Personally, I have had the opportunity to be part of DSOs for quite some time now, and it has been a great experience. I’ve learned, grown, and initiated processes in our patients’ standardization of clinical care. As the vice president of hygiene operations at Coast Dental based in Florida, we continue to elevate our profession with an amazing team. We appreciate having the ability to be able to train, coach, and inspire other hygienists in this organization.

When you put your heart into what you are doing, patients will trust you and accept your recommendations. It is not just offering and recommending treatment to patients; it is also educating them to want the necessary treatment for a healthy mouth. In doing so, you and your office will become successful. 

Providing appropriate care so that patients may obtain health also helps the practice remain healthy. As with any business, there is a cost for services and this fee allows the business to remain financially healthy so that services may continue to be provided. A financially viable dental practice allows dental hygienists to remain employed, which in turn further supports the provision of patient care—the cycle is dependent upon one another. 

Rafael Rondon, BS, RDH

I started my career in dental hygiene on the advice of my awesome sister-in-law. She is now a practicing dentist in the Huntsville,
Alabama area. A year after graduating from my dental hygiene program, I was hired by a DSO. That was in June of 1998, and I am still happily working with the same company today.

I attribute my long career with Coast Dental to their continued efforts to maintain the highest quality of care to their patients. Most important for me is their continued dedication to providing their hygienists with the most up-to-date information and treatments to maintain the newest and highest standards of care. Another thing I really appreciate is that there is an entire team dedicated to the success of every hygienist working at Coast Dental. Using new technologies, training, and mentoring, I have the confidence that I am delivering the best, most current care to each one of my patients.

In summary, I am proud of the positive effect I have been able to have on my community through each patient I have treated. I am thankful that I have had an entire team in partnership with me to ensure my success as a clinician. And I have been so blessed that Coast Dental has been there for me these last 23 years, providing me the opportunities to be successful in both my professional and my personal life!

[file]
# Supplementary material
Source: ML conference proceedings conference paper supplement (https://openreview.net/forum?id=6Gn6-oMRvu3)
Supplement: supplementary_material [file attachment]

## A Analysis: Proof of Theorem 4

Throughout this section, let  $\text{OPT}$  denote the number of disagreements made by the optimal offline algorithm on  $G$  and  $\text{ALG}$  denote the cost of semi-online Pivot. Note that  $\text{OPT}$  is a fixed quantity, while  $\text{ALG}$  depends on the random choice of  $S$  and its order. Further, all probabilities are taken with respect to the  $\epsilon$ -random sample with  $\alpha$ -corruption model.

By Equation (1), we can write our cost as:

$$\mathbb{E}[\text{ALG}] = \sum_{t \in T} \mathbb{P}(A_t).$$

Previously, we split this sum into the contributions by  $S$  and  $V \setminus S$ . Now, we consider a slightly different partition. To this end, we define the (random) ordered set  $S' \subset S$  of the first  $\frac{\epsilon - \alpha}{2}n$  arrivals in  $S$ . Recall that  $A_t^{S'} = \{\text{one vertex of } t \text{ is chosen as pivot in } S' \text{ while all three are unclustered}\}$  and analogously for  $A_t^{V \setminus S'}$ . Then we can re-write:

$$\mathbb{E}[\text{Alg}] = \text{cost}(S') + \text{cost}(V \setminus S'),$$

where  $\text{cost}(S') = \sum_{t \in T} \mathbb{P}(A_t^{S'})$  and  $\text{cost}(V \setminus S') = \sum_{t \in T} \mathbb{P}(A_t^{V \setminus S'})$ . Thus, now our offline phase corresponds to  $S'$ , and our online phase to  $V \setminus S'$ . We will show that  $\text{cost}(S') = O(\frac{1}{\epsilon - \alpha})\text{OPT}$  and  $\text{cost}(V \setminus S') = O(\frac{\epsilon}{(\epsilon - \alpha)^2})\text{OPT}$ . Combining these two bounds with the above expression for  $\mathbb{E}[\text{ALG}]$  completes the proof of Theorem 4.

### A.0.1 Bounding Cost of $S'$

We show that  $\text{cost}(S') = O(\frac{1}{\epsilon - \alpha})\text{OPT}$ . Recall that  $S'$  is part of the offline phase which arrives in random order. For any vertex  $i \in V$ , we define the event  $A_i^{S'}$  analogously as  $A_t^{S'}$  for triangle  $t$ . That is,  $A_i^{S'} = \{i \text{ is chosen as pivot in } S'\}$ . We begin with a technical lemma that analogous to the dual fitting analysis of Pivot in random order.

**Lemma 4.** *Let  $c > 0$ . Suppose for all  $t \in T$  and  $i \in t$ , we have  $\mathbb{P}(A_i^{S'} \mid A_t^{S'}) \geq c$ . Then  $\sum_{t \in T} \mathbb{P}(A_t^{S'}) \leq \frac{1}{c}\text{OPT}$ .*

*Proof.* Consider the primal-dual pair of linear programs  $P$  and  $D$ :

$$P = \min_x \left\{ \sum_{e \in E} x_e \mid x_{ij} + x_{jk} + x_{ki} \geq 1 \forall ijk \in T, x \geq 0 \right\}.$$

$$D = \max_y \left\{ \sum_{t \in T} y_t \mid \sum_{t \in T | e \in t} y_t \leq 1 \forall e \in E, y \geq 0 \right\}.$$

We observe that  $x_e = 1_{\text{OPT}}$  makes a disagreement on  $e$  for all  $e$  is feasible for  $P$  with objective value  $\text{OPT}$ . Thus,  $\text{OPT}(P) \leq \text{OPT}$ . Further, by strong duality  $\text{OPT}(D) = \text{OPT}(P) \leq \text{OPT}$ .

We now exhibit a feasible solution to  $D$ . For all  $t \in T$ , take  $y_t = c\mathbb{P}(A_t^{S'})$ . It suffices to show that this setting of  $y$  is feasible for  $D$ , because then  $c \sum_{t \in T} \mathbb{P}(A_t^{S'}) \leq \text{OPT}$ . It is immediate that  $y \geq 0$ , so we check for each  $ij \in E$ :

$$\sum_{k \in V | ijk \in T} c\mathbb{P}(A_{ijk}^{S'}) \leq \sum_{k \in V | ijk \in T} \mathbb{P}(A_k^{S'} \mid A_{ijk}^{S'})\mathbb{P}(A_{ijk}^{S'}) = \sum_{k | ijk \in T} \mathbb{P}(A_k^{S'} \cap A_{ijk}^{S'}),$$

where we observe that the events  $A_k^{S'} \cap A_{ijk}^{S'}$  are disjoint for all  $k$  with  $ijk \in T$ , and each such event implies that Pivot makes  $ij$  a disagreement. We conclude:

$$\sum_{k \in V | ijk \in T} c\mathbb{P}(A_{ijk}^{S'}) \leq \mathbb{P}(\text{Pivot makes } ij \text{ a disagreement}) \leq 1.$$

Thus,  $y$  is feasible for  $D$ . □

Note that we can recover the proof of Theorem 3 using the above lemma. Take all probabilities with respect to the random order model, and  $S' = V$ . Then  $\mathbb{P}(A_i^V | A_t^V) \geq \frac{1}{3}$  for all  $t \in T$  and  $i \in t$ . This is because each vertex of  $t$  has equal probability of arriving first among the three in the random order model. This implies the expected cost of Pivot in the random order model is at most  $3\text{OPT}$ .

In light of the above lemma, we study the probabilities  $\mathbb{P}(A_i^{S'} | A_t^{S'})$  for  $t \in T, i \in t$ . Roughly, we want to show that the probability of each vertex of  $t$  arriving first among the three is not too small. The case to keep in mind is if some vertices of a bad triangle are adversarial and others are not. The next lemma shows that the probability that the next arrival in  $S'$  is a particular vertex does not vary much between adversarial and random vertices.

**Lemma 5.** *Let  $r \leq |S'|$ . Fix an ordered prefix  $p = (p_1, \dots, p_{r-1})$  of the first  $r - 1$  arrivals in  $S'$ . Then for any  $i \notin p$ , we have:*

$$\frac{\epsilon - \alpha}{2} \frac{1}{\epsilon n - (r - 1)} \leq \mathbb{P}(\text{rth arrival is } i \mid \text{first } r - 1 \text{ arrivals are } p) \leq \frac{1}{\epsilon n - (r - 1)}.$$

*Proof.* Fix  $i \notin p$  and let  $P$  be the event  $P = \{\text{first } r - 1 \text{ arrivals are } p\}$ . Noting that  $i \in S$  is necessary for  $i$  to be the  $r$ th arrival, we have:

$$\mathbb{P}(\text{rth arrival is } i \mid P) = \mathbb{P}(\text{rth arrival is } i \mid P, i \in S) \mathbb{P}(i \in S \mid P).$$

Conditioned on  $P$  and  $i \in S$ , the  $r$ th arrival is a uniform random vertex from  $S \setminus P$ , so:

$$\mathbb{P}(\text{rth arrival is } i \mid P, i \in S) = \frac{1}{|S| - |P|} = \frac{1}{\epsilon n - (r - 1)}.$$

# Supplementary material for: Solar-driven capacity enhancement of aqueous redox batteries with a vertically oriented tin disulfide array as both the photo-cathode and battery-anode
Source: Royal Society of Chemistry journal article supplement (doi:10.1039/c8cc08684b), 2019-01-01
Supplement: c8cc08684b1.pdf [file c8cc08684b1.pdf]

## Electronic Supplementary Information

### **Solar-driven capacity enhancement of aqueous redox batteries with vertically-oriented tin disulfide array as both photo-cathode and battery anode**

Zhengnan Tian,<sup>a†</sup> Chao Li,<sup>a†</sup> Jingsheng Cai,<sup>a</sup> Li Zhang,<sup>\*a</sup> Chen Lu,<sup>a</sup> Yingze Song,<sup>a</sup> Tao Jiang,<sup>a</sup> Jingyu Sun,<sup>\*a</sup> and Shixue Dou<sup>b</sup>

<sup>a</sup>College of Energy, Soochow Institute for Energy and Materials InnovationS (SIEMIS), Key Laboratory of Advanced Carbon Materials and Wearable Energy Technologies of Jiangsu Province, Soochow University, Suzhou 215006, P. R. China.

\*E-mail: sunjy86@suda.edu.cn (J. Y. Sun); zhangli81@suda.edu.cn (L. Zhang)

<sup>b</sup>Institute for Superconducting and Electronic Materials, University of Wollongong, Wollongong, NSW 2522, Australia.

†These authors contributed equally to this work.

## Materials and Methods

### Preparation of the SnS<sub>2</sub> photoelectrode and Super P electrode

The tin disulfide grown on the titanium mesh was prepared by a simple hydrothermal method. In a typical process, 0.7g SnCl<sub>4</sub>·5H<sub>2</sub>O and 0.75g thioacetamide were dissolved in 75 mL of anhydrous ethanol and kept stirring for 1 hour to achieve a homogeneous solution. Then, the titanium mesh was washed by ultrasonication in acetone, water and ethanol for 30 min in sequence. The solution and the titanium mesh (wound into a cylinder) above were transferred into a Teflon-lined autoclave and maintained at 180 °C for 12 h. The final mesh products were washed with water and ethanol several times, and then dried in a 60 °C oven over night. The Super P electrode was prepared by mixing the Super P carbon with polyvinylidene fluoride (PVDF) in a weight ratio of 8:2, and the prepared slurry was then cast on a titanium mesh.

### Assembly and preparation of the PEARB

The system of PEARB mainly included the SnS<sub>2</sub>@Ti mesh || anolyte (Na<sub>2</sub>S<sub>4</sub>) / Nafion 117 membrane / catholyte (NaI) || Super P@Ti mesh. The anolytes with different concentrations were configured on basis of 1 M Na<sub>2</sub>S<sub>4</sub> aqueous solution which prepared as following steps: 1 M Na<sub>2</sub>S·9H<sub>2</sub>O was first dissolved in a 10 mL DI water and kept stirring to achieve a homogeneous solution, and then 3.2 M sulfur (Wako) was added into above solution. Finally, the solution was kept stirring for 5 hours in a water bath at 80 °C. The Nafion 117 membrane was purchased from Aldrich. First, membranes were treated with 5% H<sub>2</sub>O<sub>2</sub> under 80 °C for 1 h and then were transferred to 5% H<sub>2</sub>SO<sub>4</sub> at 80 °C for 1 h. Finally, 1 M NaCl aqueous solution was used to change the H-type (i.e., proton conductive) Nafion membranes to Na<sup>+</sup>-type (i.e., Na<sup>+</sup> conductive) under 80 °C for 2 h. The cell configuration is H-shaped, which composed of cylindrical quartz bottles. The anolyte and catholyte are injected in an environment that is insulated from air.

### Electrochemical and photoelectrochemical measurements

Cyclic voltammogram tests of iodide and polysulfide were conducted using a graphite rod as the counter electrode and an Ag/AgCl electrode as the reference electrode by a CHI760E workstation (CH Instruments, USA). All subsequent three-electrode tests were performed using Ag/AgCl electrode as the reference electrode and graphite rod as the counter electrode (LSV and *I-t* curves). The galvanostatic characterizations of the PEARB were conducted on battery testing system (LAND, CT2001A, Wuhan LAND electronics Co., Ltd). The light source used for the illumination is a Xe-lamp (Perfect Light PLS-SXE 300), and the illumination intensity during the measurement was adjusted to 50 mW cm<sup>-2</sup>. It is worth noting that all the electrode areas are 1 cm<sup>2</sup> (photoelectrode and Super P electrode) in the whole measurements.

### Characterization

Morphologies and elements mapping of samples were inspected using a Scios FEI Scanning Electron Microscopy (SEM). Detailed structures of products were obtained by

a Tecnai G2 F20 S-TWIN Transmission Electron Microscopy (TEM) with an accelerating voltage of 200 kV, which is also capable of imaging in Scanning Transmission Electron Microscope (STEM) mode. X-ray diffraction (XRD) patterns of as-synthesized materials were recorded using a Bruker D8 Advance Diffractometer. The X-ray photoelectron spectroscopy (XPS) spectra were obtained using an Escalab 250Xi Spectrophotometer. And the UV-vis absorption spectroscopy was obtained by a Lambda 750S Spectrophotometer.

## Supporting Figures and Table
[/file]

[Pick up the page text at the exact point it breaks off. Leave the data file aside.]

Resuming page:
Renee Koch, RDH

I graduated from Tallahassee Community College in May 2020. I was so excited to start working as a hygienist and thankful to Coast Dental for giving me this opportunity. Starting with a DSO office was not what I initially expected. I grew up in a small town where there is only one private practice and so naturally, I assumed I would work somewhere similar.

In school, I got the impression that a DSO would be more focused on money than patient care. After talking with the hygiene director, I
felt assured this was not the case. I am so glad I followed my instincts, which were further proven true when they allowed me to start with a modified schedule while I built up speed. We did this so that the patients still received the care and treatment they deserved in a controlled environment.

One thing I am still learning about and working on is the APT, a metric we use that stands for Appropriate Patient Treatment. This is a number that is calculated and a quick way to measure the effectiveness of comprehensive patient treatment. As I continue to improve my skill level, my ability to increase the level of patient care will improve as well.

One of the aspects of my position that I did not expect was the utilization of advanced technology for patient communication, diagnosis, and treatment planning, but it turns out that I am pleasantly surprised by the process. It allows us to see patients for hygiene care that has been postponed in the last year due to the pandemic, while reducing person-to-person interaction to keep everyone as safe as possible.

As a recently graduated hygienist starting my career in an office without a current dentist and no other hygienist, the hygiene assistant has been invaluable. Working together, we can see a full column of established hygiene patients and a full column of new patients. Having the column of new patients also allows us to convert patients to the hygiene column when there are cancellations.

Overall, starting my career with a DSO was an excellent decision and opportunity.

Amber Singletary, RDH

Editor's note: This article appeared in the August 2021 print edition of RDH magazine.

References

  1. Garvin J. HPI: 7.4 percent of US dentists are affiliated with dental service organizations. ADA News. March 7, 2017. https://www.ada.org/en/publications/ada-news/2017-archive/march/hpi-7-4-percent-of-us-dentists-are-affiliated-with-dental-service-organizations
  2. Christensen GJ. The cons and pros of DSOs. DentalTown. June 2018. https://www.dentaltown.com/magazine/article/7054/the-cons-and-pros-of-dsos
  3. How big are dental service organizations? ADA Health Policy Institute. July 2020. https://www.ada.org/~/media/ADA/Science%20and%20Research/HPI/Files/HPIGraphic_0720_1.pdf